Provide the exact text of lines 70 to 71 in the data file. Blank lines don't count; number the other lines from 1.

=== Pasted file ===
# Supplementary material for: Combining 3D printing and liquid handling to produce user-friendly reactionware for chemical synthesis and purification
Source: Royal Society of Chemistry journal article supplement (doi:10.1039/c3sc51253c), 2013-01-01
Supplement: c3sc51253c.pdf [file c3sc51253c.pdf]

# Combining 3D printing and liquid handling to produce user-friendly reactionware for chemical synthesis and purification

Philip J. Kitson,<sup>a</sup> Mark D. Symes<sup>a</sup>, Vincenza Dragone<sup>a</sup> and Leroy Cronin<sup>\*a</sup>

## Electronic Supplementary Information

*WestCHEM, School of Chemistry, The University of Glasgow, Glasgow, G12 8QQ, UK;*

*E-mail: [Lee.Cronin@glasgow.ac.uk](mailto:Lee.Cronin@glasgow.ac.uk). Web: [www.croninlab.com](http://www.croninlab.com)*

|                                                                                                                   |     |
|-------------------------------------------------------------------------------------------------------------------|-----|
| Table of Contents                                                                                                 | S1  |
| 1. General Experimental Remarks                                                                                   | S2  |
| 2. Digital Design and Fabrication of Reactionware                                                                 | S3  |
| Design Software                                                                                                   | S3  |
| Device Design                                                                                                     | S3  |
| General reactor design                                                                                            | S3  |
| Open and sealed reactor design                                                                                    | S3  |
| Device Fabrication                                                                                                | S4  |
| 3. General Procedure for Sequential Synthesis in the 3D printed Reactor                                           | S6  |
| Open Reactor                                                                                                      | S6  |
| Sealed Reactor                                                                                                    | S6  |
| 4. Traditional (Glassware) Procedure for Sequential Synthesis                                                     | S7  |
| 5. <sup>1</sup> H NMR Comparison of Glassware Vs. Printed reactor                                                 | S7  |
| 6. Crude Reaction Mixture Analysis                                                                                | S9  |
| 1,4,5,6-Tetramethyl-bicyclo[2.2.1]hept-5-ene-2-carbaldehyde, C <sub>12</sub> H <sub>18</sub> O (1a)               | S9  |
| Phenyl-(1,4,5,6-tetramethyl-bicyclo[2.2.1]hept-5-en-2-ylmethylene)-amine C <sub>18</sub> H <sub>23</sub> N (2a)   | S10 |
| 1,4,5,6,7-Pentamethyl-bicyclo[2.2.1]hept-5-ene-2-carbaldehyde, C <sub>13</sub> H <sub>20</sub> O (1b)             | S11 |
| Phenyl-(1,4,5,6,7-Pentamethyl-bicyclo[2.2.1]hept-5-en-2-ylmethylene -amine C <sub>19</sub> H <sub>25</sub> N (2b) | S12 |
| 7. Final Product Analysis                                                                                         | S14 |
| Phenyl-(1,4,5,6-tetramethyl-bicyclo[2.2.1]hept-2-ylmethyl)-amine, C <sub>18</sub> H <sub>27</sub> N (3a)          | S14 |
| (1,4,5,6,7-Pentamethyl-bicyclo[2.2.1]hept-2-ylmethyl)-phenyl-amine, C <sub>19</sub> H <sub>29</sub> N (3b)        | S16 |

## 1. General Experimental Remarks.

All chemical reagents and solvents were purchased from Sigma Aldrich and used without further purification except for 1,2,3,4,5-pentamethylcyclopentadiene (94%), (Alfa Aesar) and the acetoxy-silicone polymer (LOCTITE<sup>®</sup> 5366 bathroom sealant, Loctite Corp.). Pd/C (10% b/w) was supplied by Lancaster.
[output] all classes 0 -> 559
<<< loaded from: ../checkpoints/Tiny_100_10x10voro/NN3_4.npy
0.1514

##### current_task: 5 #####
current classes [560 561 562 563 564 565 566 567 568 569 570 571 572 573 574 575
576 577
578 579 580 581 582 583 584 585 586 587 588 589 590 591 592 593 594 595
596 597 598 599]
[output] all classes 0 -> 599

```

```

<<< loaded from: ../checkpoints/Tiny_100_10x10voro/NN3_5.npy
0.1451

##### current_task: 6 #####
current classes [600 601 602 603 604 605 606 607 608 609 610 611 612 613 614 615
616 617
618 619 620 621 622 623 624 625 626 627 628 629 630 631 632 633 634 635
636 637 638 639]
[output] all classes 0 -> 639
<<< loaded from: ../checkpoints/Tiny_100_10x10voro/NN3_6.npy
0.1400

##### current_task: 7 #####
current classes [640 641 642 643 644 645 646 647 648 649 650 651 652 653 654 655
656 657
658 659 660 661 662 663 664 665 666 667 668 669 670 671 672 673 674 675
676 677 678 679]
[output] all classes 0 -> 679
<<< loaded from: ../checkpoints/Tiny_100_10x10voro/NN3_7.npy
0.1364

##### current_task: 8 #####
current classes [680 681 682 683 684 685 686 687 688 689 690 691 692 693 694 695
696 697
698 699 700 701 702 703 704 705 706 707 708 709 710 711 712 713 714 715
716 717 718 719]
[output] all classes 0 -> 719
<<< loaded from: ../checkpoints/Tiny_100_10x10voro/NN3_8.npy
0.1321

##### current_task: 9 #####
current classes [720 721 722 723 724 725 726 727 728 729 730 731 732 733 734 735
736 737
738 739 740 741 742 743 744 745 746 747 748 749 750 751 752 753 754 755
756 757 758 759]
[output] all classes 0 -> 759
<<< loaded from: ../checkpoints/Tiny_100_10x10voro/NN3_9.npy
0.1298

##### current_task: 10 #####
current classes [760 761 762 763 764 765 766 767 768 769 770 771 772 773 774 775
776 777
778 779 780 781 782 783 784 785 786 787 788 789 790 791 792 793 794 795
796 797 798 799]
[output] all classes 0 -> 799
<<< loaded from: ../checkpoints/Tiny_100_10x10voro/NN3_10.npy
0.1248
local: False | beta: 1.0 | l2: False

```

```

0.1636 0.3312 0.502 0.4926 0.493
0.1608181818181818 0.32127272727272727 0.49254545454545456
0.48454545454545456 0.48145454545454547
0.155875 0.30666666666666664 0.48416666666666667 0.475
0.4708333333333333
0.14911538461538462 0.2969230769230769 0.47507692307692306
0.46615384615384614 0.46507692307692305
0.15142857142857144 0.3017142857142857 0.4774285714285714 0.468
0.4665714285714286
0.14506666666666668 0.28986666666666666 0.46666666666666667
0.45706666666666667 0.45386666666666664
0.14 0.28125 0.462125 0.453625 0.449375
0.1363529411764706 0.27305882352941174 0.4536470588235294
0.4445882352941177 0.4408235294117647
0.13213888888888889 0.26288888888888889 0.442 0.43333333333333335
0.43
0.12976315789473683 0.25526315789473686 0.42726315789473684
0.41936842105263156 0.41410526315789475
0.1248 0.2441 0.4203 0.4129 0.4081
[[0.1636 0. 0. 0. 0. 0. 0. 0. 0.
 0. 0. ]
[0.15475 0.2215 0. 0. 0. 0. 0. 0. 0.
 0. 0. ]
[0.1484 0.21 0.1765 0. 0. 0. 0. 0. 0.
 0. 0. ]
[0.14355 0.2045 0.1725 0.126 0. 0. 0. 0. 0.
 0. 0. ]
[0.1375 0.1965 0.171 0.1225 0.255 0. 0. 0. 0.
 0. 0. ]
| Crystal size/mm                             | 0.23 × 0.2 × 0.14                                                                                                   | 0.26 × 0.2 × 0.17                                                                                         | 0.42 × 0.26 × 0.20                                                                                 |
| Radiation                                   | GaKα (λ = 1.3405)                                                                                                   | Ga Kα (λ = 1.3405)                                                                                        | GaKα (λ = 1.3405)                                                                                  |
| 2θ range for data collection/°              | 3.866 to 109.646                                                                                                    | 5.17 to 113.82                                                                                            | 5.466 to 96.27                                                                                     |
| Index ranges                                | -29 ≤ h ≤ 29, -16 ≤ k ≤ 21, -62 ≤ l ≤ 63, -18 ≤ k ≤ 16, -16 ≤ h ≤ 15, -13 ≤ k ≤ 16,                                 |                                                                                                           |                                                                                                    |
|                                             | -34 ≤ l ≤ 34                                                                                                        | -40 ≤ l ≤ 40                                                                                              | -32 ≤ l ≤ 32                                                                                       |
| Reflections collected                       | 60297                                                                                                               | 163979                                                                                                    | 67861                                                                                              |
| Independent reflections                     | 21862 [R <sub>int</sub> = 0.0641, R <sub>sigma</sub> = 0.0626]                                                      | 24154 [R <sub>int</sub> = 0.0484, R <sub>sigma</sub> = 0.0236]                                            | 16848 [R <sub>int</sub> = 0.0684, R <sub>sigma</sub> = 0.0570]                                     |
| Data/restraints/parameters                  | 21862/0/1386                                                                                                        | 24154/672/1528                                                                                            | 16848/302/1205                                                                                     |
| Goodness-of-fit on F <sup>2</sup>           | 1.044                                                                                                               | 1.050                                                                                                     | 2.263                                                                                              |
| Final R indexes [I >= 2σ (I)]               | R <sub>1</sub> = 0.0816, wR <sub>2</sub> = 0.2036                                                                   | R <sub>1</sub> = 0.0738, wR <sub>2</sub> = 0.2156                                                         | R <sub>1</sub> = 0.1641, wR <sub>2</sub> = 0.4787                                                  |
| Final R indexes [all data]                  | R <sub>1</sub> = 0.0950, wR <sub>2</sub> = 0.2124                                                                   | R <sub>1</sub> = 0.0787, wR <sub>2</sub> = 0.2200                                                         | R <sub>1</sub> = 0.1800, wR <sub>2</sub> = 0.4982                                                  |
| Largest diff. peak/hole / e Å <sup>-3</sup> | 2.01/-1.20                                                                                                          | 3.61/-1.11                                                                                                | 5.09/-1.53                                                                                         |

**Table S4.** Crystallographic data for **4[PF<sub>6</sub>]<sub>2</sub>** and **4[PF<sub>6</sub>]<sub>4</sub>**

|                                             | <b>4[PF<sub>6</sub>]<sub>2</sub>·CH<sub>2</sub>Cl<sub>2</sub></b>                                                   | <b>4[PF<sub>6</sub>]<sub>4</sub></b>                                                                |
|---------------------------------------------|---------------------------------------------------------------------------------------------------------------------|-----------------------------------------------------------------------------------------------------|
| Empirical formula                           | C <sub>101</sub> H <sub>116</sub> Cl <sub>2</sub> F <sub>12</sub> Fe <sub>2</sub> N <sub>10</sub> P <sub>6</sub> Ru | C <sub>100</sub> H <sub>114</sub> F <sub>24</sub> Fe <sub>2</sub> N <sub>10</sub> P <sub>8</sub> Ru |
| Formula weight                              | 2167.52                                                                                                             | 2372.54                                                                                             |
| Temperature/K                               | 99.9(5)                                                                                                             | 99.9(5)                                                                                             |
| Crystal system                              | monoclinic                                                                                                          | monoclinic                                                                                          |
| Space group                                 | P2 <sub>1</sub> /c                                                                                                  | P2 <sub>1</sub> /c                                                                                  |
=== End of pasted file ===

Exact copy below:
0.1321

##### current_task: 9 #####